September 2008 Monthly Forecast

Posted 27 August 2008
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AMERICAS

Haiti

Expected Council Action
The Secretary-General’s report on the UN Stabilization Mission in Haiti (MINUSTAH) is due by 31 August. In September, the Group of Friends of Haiti (Argentina, Brazil, Canada, Chile, France, Peru, Uruguay and the US) is likely to review the report and discuss options for a draft resolution renewing MINUSTAH’s mandate—due to expire on 15 October. Discussions are expected to also focus on Haiti’s political situation, which has deteriorated since April when the Council received its last briefing on Haiti. Some discussion of benchmarks for future reconfiguration is also likely as recommendations were promised by the Secretary-General in his 26 March report on MINUSTAH. However, the recent political and security setbacks may have introduced new factors. Council consultations on the report seem unlikely in September.

Key Recent Developments
Haiti has seen considerable social and political turmoil in recent months. On 4 April, violent demonstrations broke out in several cities over the rising cost of living. According to the World Food Programme (WFP), global food and fuel prices have risen an estimated 55 percent since June 2007. Haiti was particularly affected.Haiti has one of the highest daily caloric deficits per person in the world (on average Haitians have 460 kcal per day while the daily requirement is 2100 kcal per day). During the protests, which lasted several days, the UN compound was attacked. Three Sri Lankan peacekeepers on patrol were shot at and wounded and a Nigerian police officer was killed in Port-au-Prince.

Because of the unrest, on 12 April the Haitian senate voted to dismiss Prime Minister Jacques-Edouard Alexis. After a three-month impasse, Michele Pierre-Louis was approved by the senate on 31 July to be the new prime minister (the lower house of parliament having approved her nomination on 17 July). An economist, Pierre-Louis said that one of her priorities would be to facilitate investments in Haiti, foster national food production and development of infrastructure. At press time, she had yet to form a new government. On 21 August, some Haitian political parties said they would back the prime minister’s political programme. MINUSTAH issued a statement saying that this was a first step in efforts to place the interests of the Haitian people above political actors’ own interests.

On 2 June, during a high-level conference on world food security in Rome, hosted by the Food and Agricultural Organisation, UN Secretary-General Ban Ki-moon highlighted the problems of Haiti saying that there was an urgent need to tackle the food crisis in Haiti and calling for immediate humanitarian aid and steps to boost agricultural production. On 4 June, the World Food Programme said that it would provide $1.2 billion in additional food aid in the 62 countries hit hardest by the crisis caused by surging food and fuel prices. This means for Haiti that the number of people receiving food aid would be tripling. On 5 August, the EU announced that it would provide $5 million for Haiti.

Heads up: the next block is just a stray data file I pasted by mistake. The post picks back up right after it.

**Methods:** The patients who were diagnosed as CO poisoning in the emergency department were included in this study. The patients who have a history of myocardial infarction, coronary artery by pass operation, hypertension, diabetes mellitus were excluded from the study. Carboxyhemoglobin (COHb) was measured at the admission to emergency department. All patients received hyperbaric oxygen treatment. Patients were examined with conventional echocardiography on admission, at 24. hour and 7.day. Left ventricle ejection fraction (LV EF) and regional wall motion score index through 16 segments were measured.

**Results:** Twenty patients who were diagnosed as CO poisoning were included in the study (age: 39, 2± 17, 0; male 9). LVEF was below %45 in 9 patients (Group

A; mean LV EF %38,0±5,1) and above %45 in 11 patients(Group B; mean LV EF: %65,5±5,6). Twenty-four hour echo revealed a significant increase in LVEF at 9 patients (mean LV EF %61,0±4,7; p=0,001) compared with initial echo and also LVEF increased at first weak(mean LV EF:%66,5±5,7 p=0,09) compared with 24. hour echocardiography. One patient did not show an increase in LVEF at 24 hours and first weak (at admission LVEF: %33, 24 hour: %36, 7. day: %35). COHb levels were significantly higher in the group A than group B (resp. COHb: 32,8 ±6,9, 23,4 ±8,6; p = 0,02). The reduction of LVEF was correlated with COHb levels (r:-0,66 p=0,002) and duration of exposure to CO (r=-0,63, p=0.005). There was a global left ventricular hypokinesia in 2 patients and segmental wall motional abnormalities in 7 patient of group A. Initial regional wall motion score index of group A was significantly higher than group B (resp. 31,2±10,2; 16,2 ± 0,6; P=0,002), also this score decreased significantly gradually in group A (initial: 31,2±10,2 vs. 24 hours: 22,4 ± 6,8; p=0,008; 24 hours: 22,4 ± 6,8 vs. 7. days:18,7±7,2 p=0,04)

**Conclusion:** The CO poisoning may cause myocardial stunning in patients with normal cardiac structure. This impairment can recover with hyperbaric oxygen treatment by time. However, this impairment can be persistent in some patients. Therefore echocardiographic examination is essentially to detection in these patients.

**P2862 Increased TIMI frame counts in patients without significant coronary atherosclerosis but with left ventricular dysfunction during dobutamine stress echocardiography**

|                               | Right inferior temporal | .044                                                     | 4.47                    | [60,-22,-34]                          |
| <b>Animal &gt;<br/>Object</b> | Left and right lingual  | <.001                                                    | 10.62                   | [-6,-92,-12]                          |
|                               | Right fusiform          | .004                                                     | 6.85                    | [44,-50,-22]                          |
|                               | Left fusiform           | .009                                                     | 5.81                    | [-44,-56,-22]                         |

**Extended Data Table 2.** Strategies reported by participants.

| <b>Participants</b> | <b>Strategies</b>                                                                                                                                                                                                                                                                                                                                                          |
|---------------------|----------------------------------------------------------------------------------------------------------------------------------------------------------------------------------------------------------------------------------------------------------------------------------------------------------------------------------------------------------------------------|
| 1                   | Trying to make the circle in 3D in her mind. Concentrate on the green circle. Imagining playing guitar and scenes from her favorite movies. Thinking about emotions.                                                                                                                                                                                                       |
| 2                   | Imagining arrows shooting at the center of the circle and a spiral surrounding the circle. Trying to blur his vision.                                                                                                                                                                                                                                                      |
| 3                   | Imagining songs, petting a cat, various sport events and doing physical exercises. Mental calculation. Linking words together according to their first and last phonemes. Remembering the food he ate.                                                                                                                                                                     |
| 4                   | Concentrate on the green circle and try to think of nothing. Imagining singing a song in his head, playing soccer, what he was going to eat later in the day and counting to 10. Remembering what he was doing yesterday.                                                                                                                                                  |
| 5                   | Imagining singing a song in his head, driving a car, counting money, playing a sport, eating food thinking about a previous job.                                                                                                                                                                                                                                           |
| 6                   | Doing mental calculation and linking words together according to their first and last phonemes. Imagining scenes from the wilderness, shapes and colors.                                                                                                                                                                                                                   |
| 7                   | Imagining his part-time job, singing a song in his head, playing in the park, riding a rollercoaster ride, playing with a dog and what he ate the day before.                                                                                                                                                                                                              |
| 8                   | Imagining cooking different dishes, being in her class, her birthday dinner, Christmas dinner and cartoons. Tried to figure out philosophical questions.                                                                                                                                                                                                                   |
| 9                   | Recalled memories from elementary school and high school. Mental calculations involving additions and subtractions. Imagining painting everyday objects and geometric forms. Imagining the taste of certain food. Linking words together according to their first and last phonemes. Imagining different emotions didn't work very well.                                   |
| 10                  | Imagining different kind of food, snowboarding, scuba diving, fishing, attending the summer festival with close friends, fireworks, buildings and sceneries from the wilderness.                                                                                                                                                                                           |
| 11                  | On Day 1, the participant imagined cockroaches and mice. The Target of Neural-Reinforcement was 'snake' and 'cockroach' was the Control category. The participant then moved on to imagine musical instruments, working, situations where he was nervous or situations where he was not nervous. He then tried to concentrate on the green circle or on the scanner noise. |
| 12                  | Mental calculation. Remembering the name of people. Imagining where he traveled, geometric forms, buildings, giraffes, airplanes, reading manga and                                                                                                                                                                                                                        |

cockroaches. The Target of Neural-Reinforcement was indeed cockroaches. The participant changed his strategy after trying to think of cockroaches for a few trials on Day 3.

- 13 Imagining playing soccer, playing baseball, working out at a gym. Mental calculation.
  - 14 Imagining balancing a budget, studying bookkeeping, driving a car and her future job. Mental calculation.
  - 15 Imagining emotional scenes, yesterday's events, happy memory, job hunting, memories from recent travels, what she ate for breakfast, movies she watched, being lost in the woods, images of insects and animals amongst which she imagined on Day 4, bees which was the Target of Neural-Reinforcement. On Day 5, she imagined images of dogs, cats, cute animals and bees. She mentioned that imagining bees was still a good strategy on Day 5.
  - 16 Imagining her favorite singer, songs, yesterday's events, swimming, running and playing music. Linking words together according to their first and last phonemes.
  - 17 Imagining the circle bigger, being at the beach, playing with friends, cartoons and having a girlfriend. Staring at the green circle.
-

It seems that several of MINUSTAH’s civilian priorities—in particular, supporting Haitian authorities in institutional and police reform—have been delayed due to this five-month political vacuum. However, on the security front, MINUSTAH reinforced its land border presence to deter smuggling and trafficking and improve security.

On 2 June, MINUSTAH announced that a kidnapping gang had been broken up in Port-au-Prince. According to UNICEF, there has been a surge in the number of kidnappings of children in 2008, particularly in May. This was confirmed in a report on grave violations against children compiled by the child protection unit of MINUSTAH, released in July and covering the period January-July 2008. The report also found that children continue to be affected by armed violence despite the general security improvements in Haiti. In particular, sexual violence against children remains a high concern, and there has been an “alarming increase” in the trafficking of children to the Dominican Republic for labour and sexual exploitation. (Nearly 750 children were repatriated by the Dominican authorities in the first five months of 2008.)